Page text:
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Associated Press

Technology and science has made it much easier to become addicted to products that allow us to ingest nicotine and opioids, but neuroscience can be just as easily harnessed to help the human brain cope with addiction as well, researchers argue in Science.

Their main point: Nearly all of the available treatments for opioid addiction treat it as a short-term problem with the goal of detoxing the system and coping with withdrawal symptoms. The health care system and policy support that approach, but addiction is a more lasting disorder that changes the brain. Treatment, the authors write, should be focused on long-term interventions such as support groups (like Alcoholics Anonymous), treatment with methadone or buprenorphine, "sober living" residencies and extended case monitoring.

The backdrop: On Tuesday, a presidential task force will issue recommendations for how to deal with a growing opioid epidemic that is decimating families and communities in parts of the U.S. On average, 91 people die in America every day from opioid overdoses. The NIH recently announced a research push to address the nation's opioid crisis.

What they found: Researchers looked at how technology and science has made it easier for addiction to take hold. For instance, cigarettes were once hand-rolled and harsh in the 19th century, making it hard work for someone to smoke. Now, big tobacco companies can roll 20,000 cigarettes on a factory floor in under a minute, and lace the cigarettes with flavors to make it far easier on the lungs as the smoke is inhaled. Likewise, opioids – once confined to small parts of the population – are now widespread and easily available.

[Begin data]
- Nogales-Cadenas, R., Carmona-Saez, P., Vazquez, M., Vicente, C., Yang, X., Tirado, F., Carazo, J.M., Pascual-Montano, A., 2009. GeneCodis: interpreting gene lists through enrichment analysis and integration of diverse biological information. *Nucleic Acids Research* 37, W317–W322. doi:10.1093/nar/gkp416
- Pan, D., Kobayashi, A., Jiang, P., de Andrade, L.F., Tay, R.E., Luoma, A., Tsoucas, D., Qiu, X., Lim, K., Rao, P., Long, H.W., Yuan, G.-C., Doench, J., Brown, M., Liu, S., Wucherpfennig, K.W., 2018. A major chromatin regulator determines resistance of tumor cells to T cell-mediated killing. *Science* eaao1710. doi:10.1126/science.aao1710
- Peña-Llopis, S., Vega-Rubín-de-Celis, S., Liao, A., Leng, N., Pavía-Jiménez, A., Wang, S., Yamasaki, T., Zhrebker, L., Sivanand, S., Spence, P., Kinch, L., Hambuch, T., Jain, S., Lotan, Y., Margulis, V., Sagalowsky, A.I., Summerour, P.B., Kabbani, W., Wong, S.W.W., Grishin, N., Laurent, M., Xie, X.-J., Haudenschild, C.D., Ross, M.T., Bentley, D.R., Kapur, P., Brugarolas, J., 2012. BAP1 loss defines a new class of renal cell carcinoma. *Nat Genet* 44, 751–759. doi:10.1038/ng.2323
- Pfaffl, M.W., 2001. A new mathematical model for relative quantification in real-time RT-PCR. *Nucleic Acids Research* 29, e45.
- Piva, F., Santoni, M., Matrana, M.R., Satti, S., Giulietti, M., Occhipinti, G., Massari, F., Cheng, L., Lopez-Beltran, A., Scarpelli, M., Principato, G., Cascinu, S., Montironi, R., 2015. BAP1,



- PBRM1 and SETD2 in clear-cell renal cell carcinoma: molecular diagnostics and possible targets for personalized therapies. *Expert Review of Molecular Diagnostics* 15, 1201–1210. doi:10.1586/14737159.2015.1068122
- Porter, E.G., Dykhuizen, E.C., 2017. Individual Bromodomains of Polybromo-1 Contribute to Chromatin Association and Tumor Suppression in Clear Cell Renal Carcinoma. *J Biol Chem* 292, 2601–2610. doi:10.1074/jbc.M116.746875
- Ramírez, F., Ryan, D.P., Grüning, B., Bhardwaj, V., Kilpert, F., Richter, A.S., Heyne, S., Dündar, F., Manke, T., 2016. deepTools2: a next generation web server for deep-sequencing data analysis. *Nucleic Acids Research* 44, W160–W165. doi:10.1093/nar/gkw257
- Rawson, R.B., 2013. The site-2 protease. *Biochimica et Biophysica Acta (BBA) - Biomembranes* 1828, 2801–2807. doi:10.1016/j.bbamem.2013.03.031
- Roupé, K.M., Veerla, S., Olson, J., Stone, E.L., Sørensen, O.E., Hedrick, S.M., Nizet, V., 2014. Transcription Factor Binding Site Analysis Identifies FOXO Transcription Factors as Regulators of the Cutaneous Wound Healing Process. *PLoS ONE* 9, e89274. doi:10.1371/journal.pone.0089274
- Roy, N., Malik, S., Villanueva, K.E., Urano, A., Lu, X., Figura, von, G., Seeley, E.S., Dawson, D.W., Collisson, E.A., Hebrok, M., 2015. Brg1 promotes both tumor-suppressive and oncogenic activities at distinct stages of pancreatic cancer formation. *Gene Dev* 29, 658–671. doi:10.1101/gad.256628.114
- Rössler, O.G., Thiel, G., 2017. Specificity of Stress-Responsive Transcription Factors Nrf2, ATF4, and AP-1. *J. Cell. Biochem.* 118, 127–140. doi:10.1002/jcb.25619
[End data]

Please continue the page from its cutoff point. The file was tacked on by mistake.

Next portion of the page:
But just as science has made addiction easier, it can also chart new paths away from addiction as well. As researchers better understand the ways in which addiction takes hold of our brains, programs and therapies can mute or even block the addiction pathways in our brains.

Go deeper

AP: Justice Dept. rescinds "zero tolerance" policy

A young girl waves to onlookers through the fence at the US-Mexico border wall at Friendship Park in San Ysidro, California in Nov. 2018. Photo: Sandy Huffaker/AFP via Getty Images

President Biden's acting Attorney General Monty Wilkinson issued a memo on Tuesday to revoke the Trump administration's "zero tolerance" immigration policy, which separated thousands of migrant children from their families at the U.S.-Mexico border, AP first reported.

Driving the news: A recent report by Justice Department Inspector General Michael Horowitz emphasized the internal chaos at the agency over the implementation of the policy, which resulted in 545 parents separated from their children as of October 2020.

Biden picks up his pen to change the tone on racial equity

Vice President Harris looks on as President Biden signs executives orders related to his racial equity agenda. Photo: Doug Mills-Pool/Getty Images

President Biden is making a down payment on racial equity in a series of executive orders dealing with everything from private prisons to housing discrimination, treatment of Asian Americans and relations with indigenous tribes.

The big picture: Police reform and voting rights legislation will take time to pass in Congress. But with the stroke of his pen, one week into the job Biden is taking steps within his power as he seeks to change the tone on racial justice from former President Trump.

Most Senate Republicans join Rand Paul effort to dismiss Trump's 2nd impeachment trial

Photo: Joshua Roberts-Pool/Getty Images

Forty-five Senate Republicans, including Minority Leader Mitch McConnell, supported an effort to dismiss former President Trump's second impeachment trial.

Why it matters: The vote serves as a precursor to how senators will approach next month's impeachment trial, making it highly unlikely the Senate will vote to convict. The House impeached Trump for a second time for "incitement of insurrection" following events from Jan 6. when a pro-Trump mob stormed the Capitol.